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Eve, the Heroine Essay

Milton’s Paradise lost, Eve is the heroine. She is most often overlooked as a heroic figure because she is not a central character, and her character does not demonstrate equality in comparison to Adam or Satan. A hero or heroine is someone who demonstrates heroic qualities such as courage, leadership and independence. Heroism requires self sacrifice for the greater good of all humanity and excellent morals. In order to argue Eve as a heroine I will investigate Eve’s heroic qualities, the imperfection of Eden and Satan versus Eve.

Eve shows independence when she suggests to Adam to split up in the garden in order to finish their assigned tasks faster. She states, “let us divide our labors; thou, where choice” (Milton, IX. 214). This is the first time when Eve guides Adam instead of following him. Eve assures Adam she is capable when she convinces him that separating in the garden is a better solution. Eve is intelligent and relies on her ability to reason (Milton, IX. 654). Adam believes that Eve has knowledge of good and evil and trusts her to go alone in the garden. (Milton, IX. 697) Eve is the first person to disobey God, by eating the forbidden fruit from the tree of knowledge. This demonstrates leadership and courage. Eve is aware of the retribution following the rebellion of god’s commands.

After having sinned and feeling remorseful, Eve proposes to take her own life. This act of selflessness shows how heroic in nature she is. God offers Messiah to partake in Adam and Eve’s punishment. God takes their immortality by turning them into humans instead of killing Adam and Eve (Paradise Lost). The two mortals are able to repent for their sins. Eve’s rebellion against God is treated as heroic because the fall is fortunate. Her actions ultimately pave the way for humankind’s redemption and salvation, the deliverance from sin.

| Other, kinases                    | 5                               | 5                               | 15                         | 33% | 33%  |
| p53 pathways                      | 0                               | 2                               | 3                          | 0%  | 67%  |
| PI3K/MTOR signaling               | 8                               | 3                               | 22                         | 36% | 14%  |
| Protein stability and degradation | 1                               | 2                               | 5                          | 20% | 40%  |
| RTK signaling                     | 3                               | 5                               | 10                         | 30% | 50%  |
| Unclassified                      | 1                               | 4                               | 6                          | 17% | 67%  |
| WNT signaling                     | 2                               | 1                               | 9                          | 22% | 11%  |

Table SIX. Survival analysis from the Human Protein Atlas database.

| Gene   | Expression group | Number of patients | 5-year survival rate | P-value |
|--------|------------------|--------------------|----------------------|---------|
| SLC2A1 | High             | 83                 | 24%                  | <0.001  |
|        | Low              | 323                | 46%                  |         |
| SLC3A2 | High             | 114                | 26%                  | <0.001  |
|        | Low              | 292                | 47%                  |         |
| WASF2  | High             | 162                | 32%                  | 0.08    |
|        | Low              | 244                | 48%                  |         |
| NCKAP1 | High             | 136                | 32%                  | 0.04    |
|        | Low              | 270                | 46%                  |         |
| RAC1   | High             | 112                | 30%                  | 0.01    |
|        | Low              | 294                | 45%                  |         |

The punishment of expelling Adam and Eve from the Garden of Eden revolutionized Paradise. They went from being virginal beings, the purest of forms, into fallen sinful humankinds. Milton, who was a Protestant, believed that Jesus sacrificed his life in exchange for others to repent their sin. Many Christians believed that the fall corrupted the entire world, forcing people of future generations to commit original sin. Original sinners would then turn to God because they could not attain an everlasting life.

Eve, the first of humankind to sin, passes the original sin down to all her descendants. This caused the notion that it is in humankind’s nature for future human beings to sin and ask forgiveness of all sins. Augustine, who studied theology, said, “God judged it better to bring good out of evil, than to suffer no evil to exist” (Oulter). Augustine promoted the concept of original sin. He stated that God has good reason for evil to exist, even though he did not create it. Evil cannot exist unless God willed it; therefore he can use it for his glory and for our good (Oulter).